About this Research Topic
Biotechnological products are developed using targeted fungal species. Using fungi to enhance plant development in agriculture, forestry and horticulture is important because of their diverse effects on humans, plants and animals worldwide.
Alternaria, Aspergillus, Chaetomium, Fusarium, Penicillium, Serendipita, Phoma, and Trichoderma have been introduced as plant growth-promoting fungi, and these fungi can be developed in further research as biofertilizers. For an example, Ketomium® has been developed and improved from strains of Chaetomium in pellet and powder form and used in different plant varieties. Ketomium® also has the ability to control Phytophthora that causes citrus root rot. In addition, some biofertilizers act as antagonists and suppress incidents of soil-borne plant pathogens while helping in the biocontrol of plant diseases.
Ectomycorrhizae can improve soil structure and nutrients; protect plants against root pathogens; promote plant growth by producing phytohormones; improve the survival and growth of seedlings; and increase the photosynthetic rate of plants. Ectomycorrhizae also reduce fertilization costs in an environmentally friendly manner. This group of fungi are important for the growth of economically important trees, including species in the genera Fagus, Dipterocarpus, Shorea, Eucalyptus, Quercus, Castanopsis, Pinus, and Picea. Fungal genera like Cenocococum, Pisolithus, Laccaria, Rhizopogon, Russula, Scleroderma and Thelephora have been shown to increase the rate of survival and growth of eucalyptus, pine and oak seedlings in both plantations and reforestation programs.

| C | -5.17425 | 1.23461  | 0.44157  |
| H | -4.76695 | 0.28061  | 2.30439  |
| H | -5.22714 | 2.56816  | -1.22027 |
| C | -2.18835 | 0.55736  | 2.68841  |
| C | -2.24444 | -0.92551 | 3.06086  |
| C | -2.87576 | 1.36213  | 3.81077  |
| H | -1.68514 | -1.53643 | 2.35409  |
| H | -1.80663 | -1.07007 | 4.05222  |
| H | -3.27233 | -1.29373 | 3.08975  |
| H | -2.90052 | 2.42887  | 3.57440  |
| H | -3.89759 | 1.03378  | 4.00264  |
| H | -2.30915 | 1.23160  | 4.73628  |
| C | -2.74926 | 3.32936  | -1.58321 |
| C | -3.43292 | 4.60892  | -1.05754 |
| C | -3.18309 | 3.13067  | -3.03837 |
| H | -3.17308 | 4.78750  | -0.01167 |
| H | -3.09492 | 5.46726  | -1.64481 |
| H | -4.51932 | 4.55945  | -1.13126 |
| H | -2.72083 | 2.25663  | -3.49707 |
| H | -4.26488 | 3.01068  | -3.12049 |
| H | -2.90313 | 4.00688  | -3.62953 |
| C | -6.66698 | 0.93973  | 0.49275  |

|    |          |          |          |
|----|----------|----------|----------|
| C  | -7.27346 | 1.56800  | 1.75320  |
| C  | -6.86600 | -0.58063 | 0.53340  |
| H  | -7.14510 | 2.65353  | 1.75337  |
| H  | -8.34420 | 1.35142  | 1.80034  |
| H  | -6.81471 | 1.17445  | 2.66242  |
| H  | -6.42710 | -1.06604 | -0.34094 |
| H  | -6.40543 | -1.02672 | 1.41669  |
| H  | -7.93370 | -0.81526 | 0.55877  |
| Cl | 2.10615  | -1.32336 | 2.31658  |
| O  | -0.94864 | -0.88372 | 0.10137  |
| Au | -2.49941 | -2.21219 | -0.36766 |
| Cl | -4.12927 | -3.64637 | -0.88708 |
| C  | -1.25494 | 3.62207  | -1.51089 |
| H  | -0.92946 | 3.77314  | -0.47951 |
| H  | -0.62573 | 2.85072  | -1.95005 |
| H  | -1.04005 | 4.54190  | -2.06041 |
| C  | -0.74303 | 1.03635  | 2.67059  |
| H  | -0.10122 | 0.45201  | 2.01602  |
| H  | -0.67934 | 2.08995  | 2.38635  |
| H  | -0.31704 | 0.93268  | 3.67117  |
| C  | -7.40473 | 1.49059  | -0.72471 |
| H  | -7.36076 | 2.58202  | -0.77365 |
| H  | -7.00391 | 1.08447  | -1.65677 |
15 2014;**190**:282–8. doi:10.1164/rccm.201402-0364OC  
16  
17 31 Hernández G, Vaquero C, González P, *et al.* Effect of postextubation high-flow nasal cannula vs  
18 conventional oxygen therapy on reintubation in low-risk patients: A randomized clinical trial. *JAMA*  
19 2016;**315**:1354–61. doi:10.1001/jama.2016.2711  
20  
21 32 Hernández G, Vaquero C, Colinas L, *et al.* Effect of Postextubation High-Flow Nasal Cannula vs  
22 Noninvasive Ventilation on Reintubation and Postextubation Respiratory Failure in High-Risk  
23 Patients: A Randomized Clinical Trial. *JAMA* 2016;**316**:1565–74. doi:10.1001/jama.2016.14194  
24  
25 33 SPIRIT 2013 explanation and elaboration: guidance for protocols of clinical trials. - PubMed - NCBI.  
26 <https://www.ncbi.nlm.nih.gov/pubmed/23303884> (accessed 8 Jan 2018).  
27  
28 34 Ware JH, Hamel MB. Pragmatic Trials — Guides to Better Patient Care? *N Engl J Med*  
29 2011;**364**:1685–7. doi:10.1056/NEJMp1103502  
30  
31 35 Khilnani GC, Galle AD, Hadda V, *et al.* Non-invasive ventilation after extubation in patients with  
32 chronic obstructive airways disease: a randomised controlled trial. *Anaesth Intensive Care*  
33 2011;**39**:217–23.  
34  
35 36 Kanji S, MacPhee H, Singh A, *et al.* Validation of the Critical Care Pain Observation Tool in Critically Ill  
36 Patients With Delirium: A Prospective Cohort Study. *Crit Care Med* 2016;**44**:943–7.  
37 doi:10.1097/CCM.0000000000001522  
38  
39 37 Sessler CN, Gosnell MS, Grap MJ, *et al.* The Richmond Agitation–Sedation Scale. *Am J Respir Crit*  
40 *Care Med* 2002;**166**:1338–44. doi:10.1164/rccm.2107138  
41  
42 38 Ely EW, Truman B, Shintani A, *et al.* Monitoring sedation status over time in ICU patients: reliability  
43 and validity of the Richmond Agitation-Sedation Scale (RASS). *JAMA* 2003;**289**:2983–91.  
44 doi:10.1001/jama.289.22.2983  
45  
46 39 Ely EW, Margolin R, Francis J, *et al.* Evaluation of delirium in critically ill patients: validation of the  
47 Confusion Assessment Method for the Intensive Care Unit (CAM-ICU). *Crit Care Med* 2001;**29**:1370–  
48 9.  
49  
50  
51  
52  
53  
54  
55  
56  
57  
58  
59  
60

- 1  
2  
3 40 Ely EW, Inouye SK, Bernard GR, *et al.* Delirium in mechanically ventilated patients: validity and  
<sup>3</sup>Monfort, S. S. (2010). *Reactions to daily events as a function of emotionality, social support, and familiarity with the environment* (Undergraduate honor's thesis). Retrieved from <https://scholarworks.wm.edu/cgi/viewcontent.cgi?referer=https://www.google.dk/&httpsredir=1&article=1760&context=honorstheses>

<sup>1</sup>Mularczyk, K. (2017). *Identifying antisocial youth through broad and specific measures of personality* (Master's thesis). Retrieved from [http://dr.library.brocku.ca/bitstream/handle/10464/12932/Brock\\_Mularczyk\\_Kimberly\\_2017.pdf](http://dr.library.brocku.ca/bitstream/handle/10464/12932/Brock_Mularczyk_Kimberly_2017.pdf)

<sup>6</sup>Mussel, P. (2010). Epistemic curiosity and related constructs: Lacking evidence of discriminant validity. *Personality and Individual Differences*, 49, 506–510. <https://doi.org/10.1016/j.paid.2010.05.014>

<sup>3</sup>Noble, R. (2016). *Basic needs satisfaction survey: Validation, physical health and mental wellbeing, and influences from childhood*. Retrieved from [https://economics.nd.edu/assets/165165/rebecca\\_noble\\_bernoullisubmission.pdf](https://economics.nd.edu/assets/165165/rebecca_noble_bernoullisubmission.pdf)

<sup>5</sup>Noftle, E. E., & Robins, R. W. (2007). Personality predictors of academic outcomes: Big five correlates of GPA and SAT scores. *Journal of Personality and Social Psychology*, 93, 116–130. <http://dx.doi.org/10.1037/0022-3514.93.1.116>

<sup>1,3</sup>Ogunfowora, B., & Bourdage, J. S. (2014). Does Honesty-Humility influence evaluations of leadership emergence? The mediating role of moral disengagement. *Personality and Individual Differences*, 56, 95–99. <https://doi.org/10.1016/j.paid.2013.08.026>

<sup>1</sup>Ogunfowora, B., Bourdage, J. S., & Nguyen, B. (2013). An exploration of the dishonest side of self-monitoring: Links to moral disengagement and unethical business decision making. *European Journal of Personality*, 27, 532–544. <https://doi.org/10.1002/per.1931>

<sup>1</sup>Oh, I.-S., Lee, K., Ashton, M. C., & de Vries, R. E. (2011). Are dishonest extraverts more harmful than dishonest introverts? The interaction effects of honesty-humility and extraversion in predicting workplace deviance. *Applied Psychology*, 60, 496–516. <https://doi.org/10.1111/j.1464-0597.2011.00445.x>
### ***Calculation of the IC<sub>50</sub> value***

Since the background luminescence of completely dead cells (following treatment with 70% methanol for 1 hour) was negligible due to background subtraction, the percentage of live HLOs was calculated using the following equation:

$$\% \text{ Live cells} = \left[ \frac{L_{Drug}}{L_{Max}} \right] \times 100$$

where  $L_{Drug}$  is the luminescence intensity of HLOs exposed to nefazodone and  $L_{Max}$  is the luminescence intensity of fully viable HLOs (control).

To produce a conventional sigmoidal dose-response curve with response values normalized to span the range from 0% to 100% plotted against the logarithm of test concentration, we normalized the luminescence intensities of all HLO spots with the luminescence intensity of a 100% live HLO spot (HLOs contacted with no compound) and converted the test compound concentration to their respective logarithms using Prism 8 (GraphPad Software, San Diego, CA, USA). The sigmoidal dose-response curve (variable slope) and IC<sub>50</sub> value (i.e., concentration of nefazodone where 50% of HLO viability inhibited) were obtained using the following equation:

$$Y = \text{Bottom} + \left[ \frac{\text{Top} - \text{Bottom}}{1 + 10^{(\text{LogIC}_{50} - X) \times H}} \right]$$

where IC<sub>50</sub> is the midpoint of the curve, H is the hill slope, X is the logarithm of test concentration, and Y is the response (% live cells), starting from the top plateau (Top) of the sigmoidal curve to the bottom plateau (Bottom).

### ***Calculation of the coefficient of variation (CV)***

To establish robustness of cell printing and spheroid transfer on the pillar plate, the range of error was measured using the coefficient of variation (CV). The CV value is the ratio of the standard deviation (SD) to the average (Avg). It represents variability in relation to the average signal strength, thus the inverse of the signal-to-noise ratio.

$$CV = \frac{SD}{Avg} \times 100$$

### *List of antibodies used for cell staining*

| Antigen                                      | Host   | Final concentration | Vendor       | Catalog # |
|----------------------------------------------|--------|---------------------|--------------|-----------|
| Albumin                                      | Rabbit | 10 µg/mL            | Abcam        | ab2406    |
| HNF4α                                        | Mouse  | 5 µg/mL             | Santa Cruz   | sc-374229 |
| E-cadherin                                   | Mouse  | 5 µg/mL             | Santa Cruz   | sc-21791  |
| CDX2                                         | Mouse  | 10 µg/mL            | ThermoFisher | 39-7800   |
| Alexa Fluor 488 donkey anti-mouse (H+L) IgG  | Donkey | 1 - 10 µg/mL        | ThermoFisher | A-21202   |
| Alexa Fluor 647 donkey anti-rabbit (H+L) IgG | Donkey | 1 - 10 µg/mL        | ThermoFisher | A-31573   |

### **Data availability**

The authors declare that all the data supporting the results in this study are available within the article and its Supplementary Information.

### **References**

Today, the ﬂoriculture trade faces extinction threats because of habitat loss and over-exploitation of attractive species. Accordingly, research on the re-introduction of endangered species to natural habitats is encouraged. Mycorrhizal and non-mycorrhizal endophytes are useful to stimulate seed germination and control diseases. Fusarium species promote seed germination of Cypripedium and Platanthera orchids. The endophyte Umbelopsis nana, isolated from Cymbidium spp., promotes the growth of Cymbidium hybridum.
Several studies have demonstrated the role of endophytic fungi in enhancing plant vigor in both normal and stressful environments. One prime example is the use of Serendipita indica for increasing tolerance to abiotic stresses such as drought, salinity, osmotic and heavy metals in India. Under salinity stress, maize plants colonized by S. indica produced higher biomass and maintained higher shoot potassium ion content compared to un-inoculated plants.
Several fungal species produce a variety of bioactive compounds that play important roles in the physiological activities of the host plant, inﬂuencing the growth of hosts. This can even lead to an increased tolerance to abiotic and biotic stresses. Fungal genera like Aspergillus, Botrytis, Cercospora, Penicillium and Rhizopus produce important plant growth hormones.
The main goal of this Research Topic is to provide an integrative view on this area, welcoming both reviews and original research articles focusing on:
- fungi for enhancing crops and forestry systems
- how they are useful for eco-friendly crops and forestry systems
Keywords: Agriculture, Biofertilizers, Biotechnology, Mycorrhizae, Phytohormones
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